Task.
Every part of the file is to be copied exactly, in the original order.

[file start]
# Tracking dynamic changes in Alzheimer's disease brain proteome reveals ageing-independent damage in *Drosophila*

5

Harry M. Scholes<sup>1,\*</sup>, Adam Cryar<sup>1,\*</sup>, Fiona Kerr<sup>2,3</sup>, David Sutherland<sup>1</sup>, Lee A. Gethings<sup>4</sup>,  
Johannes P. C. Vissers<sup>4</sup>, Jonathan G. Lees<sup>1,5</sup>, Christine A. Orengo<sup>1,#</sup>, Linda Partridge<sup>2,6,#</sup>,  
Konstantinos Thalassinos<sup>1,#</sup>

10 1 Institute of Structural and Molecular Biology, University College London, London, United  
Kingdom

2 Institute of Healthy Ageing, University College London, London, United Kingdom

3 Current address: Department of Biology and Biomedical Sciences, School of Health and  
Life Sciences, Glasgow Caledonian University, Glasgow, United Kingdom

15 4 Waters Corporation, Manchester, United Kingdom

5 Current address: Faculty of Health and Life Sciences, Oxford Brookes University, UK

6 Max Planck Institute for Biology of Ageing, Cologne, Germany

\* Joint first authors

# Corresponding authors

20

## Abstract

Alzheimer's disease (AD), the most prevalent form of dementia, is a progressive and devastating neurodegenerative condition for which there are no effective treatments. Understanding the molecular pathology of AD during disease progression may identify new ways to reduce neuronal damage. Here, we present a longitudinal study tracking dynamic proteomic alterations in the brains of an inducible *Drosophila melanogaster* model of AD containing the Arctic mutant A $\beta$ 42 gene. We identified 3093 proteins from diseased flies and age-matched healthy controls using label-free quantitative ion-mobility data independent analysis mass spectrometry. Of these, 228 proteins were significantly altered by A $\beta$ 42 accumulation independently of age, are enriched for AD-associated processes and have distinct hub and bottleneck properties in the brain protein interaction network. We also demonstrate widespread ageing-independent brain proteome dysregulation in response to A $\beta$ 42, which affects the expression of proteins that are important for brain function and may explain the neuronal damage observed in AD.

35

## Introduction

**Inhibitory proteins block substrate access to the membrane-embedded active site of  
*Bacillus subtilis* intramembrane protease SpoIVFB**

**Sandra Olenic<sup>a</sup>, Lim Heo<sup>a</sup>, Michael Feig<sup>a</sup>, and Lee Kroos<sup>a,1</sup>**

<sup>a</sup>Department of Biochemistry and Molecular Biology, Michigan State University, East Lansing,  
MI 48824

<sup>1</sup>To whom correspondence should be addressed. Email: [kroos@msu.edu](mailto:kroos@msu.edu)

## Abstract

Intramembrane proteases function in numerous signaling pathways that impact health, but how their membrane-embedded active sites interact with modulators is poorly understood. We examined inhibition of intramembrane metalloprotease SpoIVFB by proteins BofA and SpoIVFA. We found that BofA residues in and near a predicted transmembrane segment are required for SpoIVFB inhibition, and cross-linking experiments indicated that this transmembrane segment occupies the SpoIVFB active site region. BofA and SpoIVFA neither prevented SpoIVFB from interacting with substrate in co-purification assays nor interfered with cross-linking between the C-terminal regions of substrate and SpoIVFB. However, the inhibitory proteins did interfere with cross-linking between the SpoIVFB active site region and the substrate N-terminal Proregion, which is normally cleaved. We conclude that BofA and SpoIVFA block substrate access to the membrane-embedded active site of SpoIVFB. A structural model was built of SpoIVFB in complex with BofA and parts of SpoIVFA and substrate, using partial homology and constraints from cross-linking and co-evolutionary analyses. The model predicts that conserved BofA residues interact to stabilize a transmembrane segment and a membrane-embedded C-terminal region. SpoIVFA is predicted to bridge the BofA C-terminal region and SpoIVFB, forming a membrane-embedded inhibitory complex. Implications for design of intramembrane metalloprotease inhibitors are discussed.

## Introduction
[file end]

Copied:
# Tracking dynamic changes in Alzheimer's disease brain proteome reveals ageing-independent damage in *Drosophila*

5

Harry M. Scholes<sup>1,\*</sup>, Adam Cryar<sup>1,\*</sup>, Fiona Kerr<sup>2,3</sup>, David Sutherland<sup>1</sup>, Lee A. Gethings<sup>4</sup>,  
Johannes P. C. Vissers<sup>4</sup>, Jonathan G. Lees<sup>1,5</sup>, Christine A. Orengo<sup>1,#</sup>, Linda Partridge<sup>2,6,#</sup>,  
Konstantinos Thalassinos<sup>1,#</sup>

10 1 Institute of Structural and Molecular Biology, University College London, London, United  
Kingdom

2 Institute of Healthy Ageing, University College London, London, United Kingdom

3 Current address: Department of Biology and Biomedical Sciences, School of Health and  
Life Sciences, Glasgow Caledonian University, Glasgow, United Kingdom

15 4 Waters Corporation, Manchester, United Kingdom

5 Current address: Faculty of Health and Life Sciences, Oxford Brookes University, UK

6 Max Planck Institute for Biology of Ageing, Cologne, Germany

\* Joint first authors

# Corresponding authors

20

## Abstract

Alzheimer's disease (AD), the most prevalent form of dementia, is a progressive and devastating neurodegenerative condition for which there are no effective treatments. Understanding the molecular pathology of AD during disease progression may identify new ways to reduce neuronal damage. Here, we present a longitudinal study tracking dynamic proteomic alterations in the brains of an inducible *Drosophila melanogaster* model of AD containing the Arctic mutant A $\beta$ 42 gene. We identified 3093 proteins from diseased flies and age-matched healthy controls using label-free quantitative ion-mobility data independent analysis mass spectrometry. Of these, 228 proteins were significantly altered by A $\beta$ 42 accumulation independently of age, are enriched for AD-associated processes and have distinct hub and bottleneck properties in the brain protein interaction network. We also demonstrate widespread ageing-independent brain proteome dysregulation in response to A $\beta$ 42, which affects the expression of proteins that are important for brain function and may explain the neuronal damage observed in AD.

35

## Introduction

**Inhibitory proteins block substrate access to the membrane-embedded active site of  
*Bacillus subtilis* intramembrane protease SpoIVFB**

**Sandra Olenic<sup>a</sup>, Lim Heo<sup>a</sup>, Michael Feig<sup>a</sup>, and Lee Kroos<sup>a,1</sup>**

<sup>a</sup>Department of Biochemistry and Molecular Biology, Michigan State University, East Lansing,  
MI 48824

<sup>1</sup>To whom correspondence should be addressed. Email: [kroos@msu.edu](mailto:kroos@msu.edu)

## Abstract

Intramembrane proteases function in numerous signaling pathways that impact health, but how their membrane-embedded active sites interact with modulators is poorly understood. We examined inhibition of intramembrane metalloprotease SpoIVFB by proteins BofA and SpoIVFA. We found that BofA residues in and near a predicted transmembrane segment are required for SpoIVFB inhibition, and cross-linking experiments indicated that this transmembrane segment occupies the SpoIVFB active site region. BofA and SpoIVFA neither prevented SpoIVFB from interacting with substrate in co-purification assays nor interfered with cross-linking between the C-terminal regions of substrate and SpoIVFB. However, the inhibitory proteins did interfere with cross-linking between the SpoIVFB active site region and the substrate N-terminal Proregion, which is normally cleaved. We conclude that BofA and SpoIVFA block substrate access to the membrane-embedded active site of SpoIVFB. A structural model was built of SpoIVFB in complex with BofA and parts of SpoIVFA and substrate, using partial homology and constraints from cross-linking and co-evolutionary analyses. The model predicts that conserved BofA residues interact to stabilize a transmembrane segment and a membrane-embedded C-terminal region. SpoIVFA is predicted to bridge the BofA C-terminal region and SpoIVFB, forming a membrane-embedded inhibitory complex. Implications for design of intramembrane metalloprotease inhibitors are discussed.

## Introduction